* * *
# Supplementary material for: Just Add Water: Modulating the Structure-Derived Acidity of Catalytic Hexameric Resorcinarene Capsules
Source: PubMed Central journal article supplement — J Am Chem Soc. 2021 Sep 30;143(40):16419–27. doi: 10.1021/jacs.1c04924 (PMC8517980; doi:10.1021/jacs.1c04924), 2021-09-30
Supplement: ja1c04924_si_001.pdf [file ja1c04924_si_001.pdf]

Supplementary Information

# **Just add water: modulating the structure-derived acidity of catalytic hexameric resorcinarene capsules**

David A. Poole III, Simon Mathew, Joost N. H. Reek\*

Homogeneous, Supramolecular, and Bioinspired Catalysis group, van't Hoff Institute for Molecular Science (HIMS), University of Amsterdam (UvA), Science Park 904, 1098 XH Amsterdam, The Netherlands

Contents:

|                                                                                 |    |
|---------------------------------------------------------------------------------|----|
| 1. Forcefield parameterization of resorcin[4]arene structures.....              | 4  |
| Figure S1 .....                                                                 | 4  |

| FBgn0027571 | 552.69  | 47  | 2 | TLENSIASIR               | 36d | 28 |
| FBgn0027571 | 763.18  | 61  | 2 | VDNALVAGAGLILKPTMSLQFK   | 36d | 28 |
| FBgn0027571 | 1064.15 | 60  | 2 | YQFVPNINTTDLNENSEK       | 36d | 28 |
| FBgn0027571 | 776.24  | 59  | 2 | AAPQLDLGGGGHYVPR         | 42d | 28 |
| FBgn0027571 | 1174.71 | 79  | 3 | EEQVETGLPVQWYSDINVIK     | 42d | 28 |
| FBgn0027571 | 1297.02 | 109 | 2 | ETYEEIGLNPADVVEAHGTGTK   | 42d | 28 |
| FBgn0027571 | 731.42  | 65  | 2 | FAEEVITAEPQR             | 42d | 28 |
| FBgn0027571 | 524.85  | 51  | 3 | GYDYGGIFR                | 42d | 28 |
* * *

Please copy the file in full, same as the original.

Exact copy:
# Supplementary material for: Just Add Water: Modulating the Structure-Derived Acidity of Catalytic Hexameric Resorcinarene Capsules
Source: PubMed Central journal article supplement — J Am Chem Soc. 2021 Sep 30;143(40):16419–27. doi: 10.1021/jacs.1c04924 (PMC8517980; doi:10.1021/jacs.1c04924), 2021-09-30
Supplement: ja1c04924_si_001.pdf [file ja1c04924_si_001.pdf]

Supplementary Information

# **Just add water: modulating the structure-derived acidity of catalytic hexameric resorcinarene capsules**

David A. Poole III, Simon Mathew, Joost N. H. Reek\*

Homogeneous, Supramolecular, and Bioinspired Catalysis group, van't Hoff Institute for Molecular Science (HIMS), University of Amsterdam (UvA), Science Park 904, 1098 XH Amsterdam, The Netherlands

Contents:

|                                                                                 |    |
|---------------------------------------------------------------------------------|----|
| 1. Forcefield parameterization of resorcin[4]arene structures.....              | 4  |
| Figure S1 .....                                                                 | 4  |

| FBgn0027571 | 552.69  | 47  | 2 | TLENSIASIR               | 36d | 28 |
| FBgn0027571 | 763.18  | 61  | 2 | VDNALVAGAGLILKPTMSLQFK   | 36d | 28 |
| FBgn0027571 | 1064.15 | 60  | 2 | YQFVPNINTTDLNENSEK       | 36d | 28 |
| FBgn0027571 | 776.24  | 59  | 2 | AAPQLDLGGGGHYVPR         | 42d | 28 |
| FBgn0027571 | 1174.71 | 79  | 3 | EEQVETGLPVQWYSDINVIK     | 42d | 28 |
| FBgn0027571 | 1297.02 | 109 | 2 | ETYEEIGLNPADVVEAHGTGTK   | 42d | 28 |
| FBgn0027571 | 731.42  | 65  | 2 | FAEEVITAEPQR             | 42d | 28 |
| FBgn0027571 | 524.85  | 51  | 3 | GYDYGGIFR                | 42d | 28 |